is. The AIWRS represent the ^!Replace options and their definitions
              can be found in the clip help section.
              A = Replaces all occurrences of the found text in the document.
              I = Ignore character case (I really didn't need it in this situation).
              W = Searches the entire document.
              R = Means the ^!Replace criteria is a regular expression
              S = Silent, just do the replacing without any messages.

              Ok, now to explain how the regular expression part of the clip line
              works.

              ^!Replace "{^.*}\t[0-9]+\.[0-9]+$" >> "\1" AIWRS

              ^!Replace "
              In a replace operation, the first " marks the beginning of where the
              searched for text will be defined.

              ^!Replace "{
              The { marks the beginning of what is called a tagged match. A tagged
              match is text found during the search, that is to be used in the
              replacement. In other words what is in between a set of { } brackets
              can be referred to in the replacement operation by using \1. If
              there are two sets of { } brackets, then \2 represents what is found
              in between the second set of brackets. I think you can have up to 9
              sets of brackets.

              ^!Replace "{^
              The ^ means "starting at the very beginning of each line".

              ^!Replace "{^.
              The . means to match ANY single character. A number, an alphabet
              letter, punctuation, a space, a tab, anything at all.

              ^!Replace "{^.*
              The * means to match the character that precedes the * 0 or more
              times. So the combination of ^.* means to match anything at all that
              starts at the beginning of each line.

              ^!Replace "{^.*}
              Ok, now we have the closing } which ends the tagged match. If this
              were the only criteria the ^!Replace command was looking for,
              everything in the document would be replaced. Which isn't useful so
              we need to add more to it.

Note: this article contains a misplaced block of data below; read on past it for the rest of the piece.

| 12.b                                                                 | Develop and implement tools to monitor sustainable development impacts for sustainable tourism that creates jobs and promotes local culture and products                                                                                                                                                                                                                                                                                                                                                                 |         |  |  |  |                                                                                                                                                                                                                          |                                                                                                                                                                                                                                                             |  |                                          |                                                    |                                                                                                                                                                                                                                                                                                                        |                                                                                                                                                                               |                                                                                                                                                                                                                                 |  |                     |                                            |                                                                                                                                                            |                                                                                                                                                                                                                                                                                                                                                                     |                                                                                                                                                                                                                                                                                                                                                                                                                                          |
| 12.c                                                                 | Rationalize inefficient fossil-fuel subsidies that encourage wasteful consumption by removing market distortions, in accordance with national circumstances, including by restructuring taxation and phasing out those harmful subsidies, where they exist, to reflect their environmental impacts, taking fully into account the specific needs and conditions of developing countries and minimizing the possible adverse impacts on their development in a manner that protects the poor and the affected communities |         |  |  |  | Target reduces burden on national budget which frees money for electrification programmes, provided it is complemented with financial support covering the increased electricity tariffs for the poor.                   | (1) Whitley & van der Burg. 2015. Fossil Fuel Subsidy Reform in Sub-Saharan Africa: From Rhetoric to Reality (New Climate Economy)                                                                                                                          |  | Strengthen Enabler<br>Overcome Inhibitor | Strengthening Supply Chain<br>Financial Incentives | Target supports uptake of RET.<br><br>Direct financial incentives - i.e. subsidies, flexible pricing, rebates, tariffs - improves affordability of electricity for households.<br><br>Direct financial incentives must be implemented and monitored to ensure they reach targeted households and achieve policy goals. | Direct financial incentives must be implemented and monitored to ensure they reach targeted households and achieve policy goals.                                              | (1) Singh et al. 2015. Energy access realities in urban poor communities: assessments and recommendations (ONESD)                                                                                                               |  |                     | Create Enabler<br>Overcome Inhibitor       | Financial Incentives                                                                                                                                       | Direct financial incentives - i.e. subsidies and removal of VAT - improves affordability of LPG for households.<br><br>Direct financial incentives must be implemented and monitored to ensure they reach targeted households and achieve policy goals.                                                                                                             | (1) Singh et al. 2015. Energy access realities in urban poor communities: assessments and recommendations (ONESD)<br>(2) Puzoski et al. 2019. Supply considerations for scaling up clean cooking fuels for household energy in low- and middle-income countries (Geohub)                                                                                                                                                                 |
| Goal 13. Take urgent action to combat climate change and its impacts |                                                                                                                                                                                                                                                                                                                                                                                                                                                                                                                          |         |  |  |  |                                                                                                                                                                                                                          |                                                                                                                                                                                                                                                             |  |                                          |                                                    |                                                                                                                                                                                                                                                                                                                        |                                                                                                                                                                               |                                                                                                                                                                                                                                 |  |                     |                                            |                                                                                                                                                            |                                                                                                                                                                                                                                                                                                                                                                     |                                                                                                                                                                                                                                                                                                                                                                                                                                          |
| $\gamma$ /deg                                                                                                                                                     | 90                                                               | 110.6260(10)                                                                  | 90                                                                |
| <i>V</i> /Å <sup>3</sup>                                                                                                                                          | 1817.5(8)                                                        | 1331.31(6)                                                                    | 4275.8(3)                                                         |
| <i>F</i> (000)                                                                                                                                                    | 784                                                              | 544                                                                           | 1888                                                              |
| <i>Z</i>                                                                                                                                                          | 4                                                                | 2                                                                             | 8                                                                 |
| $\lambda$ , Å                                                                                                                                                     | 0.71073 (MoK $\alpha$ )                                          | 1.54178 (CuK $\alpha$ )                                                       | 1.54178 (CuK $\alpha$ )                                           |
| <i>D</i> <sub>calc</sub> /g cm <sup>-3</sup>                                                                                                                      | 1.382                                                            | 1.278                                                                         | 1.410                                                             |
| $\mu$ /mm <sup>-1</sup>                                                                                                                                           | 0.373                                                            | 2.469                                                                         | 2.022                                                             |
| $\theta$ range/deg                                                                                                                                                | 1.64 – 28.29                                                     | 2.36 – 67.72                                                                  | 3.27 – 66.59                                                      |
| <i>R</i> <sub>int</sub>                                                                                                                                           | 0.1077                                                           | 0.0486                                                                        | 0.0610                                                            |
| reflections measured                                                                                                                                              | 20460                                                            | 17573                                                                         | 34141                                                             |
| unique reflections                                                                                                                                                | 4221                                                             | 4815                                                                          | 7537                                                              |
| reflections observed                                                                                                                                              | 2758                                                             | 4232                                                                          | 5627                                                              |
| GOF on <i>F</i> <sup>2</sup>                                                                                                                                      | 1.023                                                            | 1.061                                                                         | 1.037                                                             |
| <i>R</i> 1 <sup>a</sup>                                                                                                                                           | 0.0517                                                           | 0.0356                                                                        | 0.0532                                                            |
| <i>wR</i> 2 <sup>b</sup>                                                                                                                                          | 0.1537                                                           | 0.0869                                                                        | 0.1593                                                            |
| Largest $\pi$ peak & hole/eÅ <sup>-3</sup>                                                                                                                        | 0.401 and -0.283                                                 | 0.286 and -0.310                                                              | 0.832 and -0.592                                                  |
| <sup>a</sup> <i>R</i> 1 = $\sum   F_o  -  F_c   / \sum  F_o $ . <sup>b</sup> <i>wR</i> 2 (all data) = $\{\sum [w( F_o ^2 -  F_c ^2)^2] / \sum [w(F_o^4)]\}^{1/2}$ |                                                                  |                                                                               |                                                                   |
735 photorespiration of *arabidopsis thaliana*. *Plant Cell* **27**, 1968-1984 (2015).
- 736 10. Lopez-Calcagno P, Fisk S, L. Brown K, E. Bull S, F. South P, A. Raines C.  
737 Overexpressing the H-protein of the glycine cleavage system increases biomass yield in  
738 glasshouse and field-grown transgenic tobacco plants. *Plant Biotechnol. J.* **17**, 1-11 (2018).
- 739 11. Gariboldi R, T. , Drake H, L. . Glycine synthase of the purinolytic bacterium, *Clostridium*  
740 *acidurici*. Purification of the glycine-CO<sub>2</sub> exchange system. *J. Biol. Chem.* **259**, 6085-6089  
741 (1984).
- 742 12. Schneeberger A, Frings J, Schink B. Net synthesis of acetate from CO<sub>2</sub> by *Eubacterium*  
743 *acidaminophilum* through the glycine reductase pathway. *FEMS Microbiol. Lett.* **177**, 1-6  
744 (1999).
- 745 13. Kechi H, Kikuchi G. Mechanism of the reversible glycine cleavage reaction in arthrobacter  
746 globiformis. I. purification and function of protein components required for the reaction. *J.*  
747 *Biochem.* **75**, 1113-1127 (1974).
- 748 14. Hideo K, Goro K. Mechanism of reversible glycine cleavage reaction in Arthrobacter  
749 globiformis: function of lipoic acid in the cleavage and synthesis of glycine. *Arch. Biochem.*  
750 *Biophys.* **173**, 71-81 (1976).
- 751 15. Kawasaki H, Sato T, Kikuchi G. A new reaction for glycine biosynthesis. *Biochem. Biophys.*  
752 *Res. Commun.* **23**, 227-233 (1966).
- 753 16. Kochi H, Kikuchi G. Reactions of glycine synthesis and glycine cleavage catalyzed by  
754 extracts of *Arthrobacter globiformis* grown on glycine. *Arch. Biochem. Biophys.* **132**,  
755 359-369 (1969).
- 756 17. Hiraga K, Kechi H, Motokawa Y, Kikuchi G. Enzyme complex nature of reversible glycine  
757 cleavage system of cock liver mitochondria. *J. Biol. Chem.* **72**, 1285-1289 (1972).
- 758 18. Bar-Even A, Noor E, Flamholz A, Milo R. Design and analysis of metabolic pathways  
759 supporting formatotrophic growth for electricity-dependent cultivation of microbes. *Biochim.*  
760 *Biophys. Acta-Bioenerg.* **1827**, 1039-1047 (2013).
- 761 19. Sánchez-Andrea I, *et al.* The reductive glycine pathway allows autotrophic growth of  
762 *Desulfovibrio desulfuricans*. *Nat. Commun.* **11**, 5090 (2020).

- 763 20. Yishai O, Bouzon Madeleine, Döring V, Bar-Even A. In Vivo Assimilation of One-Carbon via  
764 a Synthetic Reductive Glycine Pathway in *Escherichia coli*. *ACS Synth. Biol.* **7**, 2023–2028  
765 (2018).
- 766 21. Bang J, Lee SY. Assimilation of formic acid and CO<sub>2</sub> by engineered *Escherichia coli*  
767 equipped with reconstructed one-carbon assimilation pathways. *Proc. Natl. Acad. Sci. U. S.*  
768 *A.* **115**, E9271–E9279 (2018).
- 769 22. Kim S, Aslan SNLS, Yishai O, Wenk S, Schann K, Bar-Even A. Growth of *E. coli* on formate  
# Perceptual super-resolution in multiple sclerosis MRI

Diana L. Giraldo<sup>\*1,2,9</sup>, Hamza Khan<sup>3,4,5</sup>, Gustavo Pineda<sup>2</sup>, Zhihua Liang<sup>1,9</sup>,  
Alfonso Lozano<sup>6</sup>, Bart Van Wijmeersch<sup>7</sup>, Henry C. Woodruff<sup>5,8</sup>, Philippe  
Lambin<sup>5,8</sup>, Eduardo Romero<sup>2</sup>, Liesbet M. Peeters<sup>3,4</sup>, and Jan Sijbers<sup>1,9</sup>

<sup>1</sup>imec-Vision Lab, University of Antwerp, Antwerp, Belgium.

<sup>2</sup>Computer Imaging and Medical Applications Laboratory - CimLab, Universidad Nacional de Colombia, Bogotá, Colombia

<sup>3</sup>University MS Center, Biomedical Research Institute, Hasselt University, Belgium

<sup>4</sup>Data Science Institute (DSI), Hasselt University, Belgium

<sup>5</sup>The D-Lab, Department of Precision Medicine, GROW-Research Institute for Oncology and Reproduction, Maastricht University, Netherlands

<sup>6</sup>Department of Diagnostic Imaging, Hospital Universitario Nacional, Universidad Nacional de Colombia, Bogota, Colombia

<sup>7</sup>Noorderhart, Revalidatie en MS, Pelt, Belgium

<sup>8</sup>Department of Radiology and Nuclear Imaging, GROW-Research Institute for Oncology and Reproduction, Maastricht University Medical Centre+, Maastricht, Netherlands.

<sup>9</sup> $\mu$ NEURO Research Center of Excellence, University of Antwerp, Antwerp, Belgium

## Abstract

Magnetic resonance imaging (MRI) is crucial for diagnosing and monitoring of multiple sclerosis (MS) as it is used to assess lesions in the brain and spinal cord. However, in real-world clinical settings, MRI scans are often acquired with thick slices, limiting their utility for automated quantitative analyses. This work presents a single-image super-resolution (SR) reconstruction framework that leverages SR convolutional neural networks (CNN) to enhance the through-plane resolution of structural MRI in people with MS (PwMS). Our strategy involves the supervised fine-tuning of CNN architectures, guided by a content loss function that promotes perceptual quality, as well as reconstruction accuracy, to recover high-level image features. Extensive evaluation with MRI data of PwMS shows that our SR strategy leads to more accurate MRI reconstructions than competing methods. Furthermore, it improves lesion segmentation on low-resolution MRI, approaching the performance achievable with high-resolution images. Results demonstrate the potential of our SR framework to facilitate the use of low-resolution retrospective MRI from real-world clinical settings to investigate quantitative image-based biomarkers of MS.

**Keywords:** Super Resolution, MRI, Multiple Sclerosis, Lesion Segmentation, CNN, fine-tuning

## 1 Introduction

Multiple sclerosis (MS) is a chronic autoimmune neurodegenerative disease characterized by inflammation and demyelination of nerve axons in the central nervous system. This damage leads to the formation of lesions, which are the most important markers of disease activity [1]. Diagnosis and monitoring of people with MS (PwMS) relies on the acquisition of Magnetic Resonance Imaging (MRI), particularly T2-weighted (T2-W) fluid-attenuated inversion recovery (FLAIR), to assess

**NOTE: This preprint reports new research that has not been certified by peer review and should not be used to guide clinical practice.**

^!Replace "{^.*}\t
              \t represents a tab.

              ^!Replace "{^.*}\t[0-9]
              [0-9] represents any one single digit. Anything from 0 through 9.

              ^!Replace "{^.*}\t[0-9]+
              The + represents 1 or more matches of the one thing that precedes
              it. Since 0-9 is enclosed in between a set of [ ] that entire [0-9]
              represents one thing, a single digit.

              ^!Replace "{^.*}\t[0-9]+\.
              The \. represents a period. Remember that normally a period has a
              special meaning in regular expressions so if you want to actually
              search for a period, you have to escape the period with a \

              ^!Replace "{^.*}\t[0-9]+\.[0-9]+
              Like the previous [0-9]+ the second [0-9]+ simply means to find one
              or more digits grouped together.

              ^!Replace "{^.*}\t[0-9]+\.[0-9]+$
              The $ represents the end of a line (where someone has hit ENTER on
              their keyboard).

              ^!Replace "{^.*}\t[0-9]+\.[0-9]+$"
              The second " represents the end of the "find this" section of the ^!
              Replace command.

              ^!Replace "{^.*}\t[0-9]+\.[0-9]+$" >>
              The >> tells NoteTab that what follows it will be the text to use to
              replace the text that was found.

              ^!Replace "{^.*}\t[0-9]+\.[0-9]+$" >> "\1"
              And "\1" represents the text that was found in between the set of { }

              So here is how the above clip works.